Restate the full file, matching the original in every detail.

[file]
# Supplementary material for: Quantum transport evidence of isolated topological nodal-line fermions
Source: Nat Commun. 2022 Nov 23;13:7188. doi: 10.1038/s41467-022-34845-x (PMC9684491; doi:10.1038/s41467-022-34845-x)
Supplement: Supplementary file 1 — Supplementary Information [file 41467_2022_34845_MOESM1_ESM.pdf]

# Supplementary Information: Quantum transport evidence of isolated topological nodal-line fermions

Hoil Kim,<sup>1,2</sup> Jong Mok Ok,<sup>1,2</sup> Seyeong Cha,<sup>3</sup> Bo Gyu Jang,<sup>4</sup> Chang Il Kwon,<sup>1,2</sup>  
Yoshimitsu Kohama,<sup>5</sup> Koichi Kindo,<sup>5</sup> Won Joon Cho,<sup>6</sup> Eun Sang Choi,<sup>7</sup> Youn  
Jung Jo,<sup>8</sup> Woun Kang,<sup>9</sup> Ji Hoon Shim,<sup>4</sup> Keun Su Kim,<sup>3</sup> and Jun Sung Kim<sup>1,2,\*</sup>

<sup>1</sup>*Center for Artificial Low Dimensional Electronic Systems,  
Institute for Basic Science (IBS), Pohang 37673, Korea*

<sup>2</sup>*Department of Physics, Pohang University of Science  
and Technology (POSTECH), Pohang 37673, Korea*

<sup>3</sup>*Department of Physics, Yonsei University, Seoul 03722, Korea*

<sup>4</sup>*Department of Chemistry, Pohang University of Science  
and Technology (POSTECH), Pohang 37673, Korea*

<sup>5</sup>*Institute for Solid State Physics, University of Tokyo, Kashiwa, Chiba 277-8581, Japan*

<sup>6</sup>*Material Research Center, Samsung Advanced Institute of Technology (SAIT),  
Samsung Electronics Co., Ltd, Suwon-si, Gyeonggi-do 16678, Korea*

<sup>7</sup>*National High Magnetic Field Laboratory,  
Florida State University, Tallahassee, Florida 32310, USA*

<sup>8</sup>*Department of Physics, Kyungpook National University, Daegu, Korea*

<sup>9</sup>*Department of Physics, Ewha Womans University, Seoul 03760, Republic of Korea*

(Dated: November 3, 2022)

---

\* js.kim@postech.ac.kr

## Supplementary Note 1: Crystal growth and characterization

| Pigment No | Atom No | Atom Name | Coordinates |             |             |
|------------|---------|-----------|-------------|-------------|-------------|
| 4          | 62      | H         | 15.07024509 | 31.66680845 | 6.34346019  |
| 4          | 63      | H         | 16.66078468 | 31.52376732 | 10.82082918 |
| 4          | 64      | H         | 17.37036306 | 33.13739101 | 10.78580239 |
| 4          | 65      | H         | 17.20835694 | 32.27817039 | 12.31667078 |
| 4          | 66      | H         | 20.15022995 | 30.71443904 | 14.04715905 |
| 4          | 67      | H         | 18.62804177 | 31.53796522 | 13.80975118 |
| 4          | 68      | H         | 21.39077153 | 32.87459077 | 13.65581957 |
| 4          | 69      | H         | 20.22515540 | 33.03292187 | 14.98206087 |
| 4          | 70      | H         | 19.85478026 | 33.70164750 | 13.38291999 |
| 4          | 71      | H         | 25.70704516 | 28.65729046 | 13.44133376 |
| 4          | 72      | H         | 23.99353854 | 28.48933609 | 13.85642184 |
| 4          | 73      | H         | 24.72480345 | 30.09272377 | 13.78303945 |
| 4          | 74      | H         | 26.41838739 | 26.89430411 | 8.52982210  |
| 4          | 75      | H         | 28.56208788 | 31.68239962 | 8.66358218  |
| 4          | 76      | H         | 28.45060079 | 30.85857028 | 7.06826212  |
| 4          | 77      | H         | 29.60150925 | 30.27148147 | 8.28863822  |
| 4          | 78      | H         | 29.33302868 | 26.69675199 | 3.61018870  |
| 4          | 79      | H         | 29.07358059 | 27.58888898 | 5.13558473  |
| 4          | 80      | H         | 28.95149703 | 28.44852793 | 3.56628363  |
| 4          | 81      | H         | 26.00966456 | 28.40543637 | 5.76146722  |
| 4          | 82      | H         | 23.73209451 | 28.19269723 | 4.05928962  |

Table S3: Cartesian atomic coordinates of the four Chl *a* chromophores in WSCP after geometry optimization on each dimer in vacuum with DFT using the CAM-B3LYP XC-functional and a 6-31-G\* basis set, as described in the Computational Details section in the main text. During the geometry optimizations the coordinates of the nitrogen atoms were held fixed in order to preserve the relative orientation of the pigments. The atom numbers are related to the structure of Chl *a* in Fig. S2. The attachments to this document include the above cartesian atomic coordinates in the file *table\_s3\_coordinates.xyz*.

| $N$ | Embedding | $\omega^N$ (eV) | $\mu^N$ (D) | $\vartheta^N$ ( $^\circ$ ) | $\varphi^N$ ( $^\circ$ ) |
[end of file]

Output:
# Supplementary material for: Quantum transport evidence of isolated topological nodal-line fermions
Source: Nat Commun. 2022 Nov 23;13:7188. doi: 10.1038/s41467-022-34845-x (PMC9684491; doi:10.1038/s41467-022-34845-x)
Supplement: Supplementary file 1 — Supplementary Information [file 41467_2022_34845_MOESM1_ESM.pdf]

# Supplementary Information: Quantum transport evidence of isolated topological nodal-line fermions

Hoil Kim,<sup>1,2</sup> Jong Mok Ok,<sup>1,2</sup> Seyeong Cha,<sup>3</sup> Bo Gyu Jang,<sup>4</sup> Chang Il Kwon,<sup>1,2</sup>  
Yoshimitsu Kohama,<sup>5</sup> Koichi Kindo,<sup>5</sup> Won Joon Cho,<sup>6</sup> Eun Sang Choi,<sup>7</sup> Youn  
Jung Jo,<sup>8</sup> Woun Kang,<sup>9</sup> Ji Hoon Shim,<sup>4</sup> Keun Su Kim,<sup>3</sup> and Jun Sung Kim<sup>1,2,\*</sup>

<sup>1</sup>*Center for Artificial Low Dimensional Electronic Systems,  
Institute for Basic Science (IBS), Pohang 37673, Korea*

<sup>2</sup>*Department of Physics, Pohang University of Science  
and Technology (POSTECH), Pohang 37673, Korea*

<sup>3</sup>*Department of Physics, Yonsei University, Seoul 03722, Korea*

<sup>4</sup>*Department of Chemistry, Pohang University of Science  
and Technology (POSTECH), Pohang 37673, Korea*

<sup>5</sup>*Institute for Solid State Physics, University of Tokyo, Kashiwa, Chiba 277-8581, Japan*

<sup>6</sup>*Material Research Center, Samsung Advanced Institute of Technology (SAIT),  
Samsung Electronics Co., Ltd, Suwon-si, Gyeonggi-do 16678, Korea*

<sup>7</sup>*National High Magnetic Field Laboratory,  
Florida State University, Tallahassee, Florida 32310, USA*

<sup>8</sup>*Department of Physics, Kyungpook National University, Daegu, Korea*

<sup>9</sup>*Department of Physics, Ewha Womans University, Seoul 03760, Republic of Korea*

(Dated: November 3, 2022)

---

\* js.kim@postech.ac.kr

## Supplementary Note 1: Crystal growth and characterization

| Pigment No | Atom No | Atom Name | Coordinates |             |             |
|------------|---------|-----------|-------------|-------------|-------------|
| 4          | 62      | H         | 15.07024509 | 31.66680845 | 6.34346019  |
| 4          | 63      | H         | 16.66078468 | 31.52376732 | 10.82082918 |
| 4          | 64      | H         | 17.37036306 | 33.13739101 | 10.78580239 |
| 4          | 65      | H         | 17.20835694 | 32.27817039 | 12.31667078 |
| 4          | 66      | H         | 20.15022995 | 30.71443904 | 14.04715905 |
| 4          | 67      | H         | 18.62804177 | 31.53796522 | 13.80975118 |
| 4          | 68      | H         | 21.39077153 | 32.87459077 | 13.65581957 |
| 4          | 69      | H         | 20.22515540 | 33.03292187 | 14.98206087 |
| 4          | 70      | H         | 19.85478026 | 33.70164750 | 13.38291999 |
| 4          | 71      | H         | 25.70704516 | 28.65729046 | 13.44133376 |
| 4          | 72      | H         | 23.99353854 | 28.48933609 | 13.85642184 |
| 4          | 73      | H         | 24.72480345 | 30.09272377 | 13.78303945 |
| 4          | 74      | H         | 26.41838739 | 26.89430411 | 8.52982210  |
| 4          | 75      | H         | 28.56208788 | 31.68239962 | 8.66358218  |
| 4          | 76      | H         | 28.45060079 | 30.85857028 | 7.06826212  |
| 4          | 77      | H         | 29.60150925 | 30.27148147 | 8.28863822  |
| 4          | 78      | H         | 29.33302868 | 26.69675199 | 3.61018870  |
| 4          | 79      | H         | 29.07358059 | 27.58888898 | 5.13558473  |
| 4          | 80      | H         | 28.95149703 | 28.44852793 | 3.56628363  |
| 4          | 81      | H         | 26.00966456 | 28.40543637 | 5.76146722  |
| 4          | 82      | H         | 23.73209451 | 28.19269723 | 4.05928962  |

Table S3: Cartesian atomic coordinates of the four Chl *a* chromophores in WSCP after geometry optimization on each dimer in vacuum with DFT using the CAM-B3LYP XC-functional and a 6-31-G\* basis set, as described in the Computational Details section in the main text. During the geometry optimizations the coordinates of the nitrogen atoms were held fixed in order to preserve the relative orientation of the pigments. The atom numbers are related to the structure of Chl *a* in Fig. S2. The attachments to this document include the above cartesian atomic coordinates in the file *table\_s3\_coordinates.xyz*.

| $N$ | Embedding | $\omega^N$ (eV) | $\mu^N$ (D) | $\vartheta^N$ ( $^\circ$ ) | $\varphi^N$ ( $^\circ$ ) |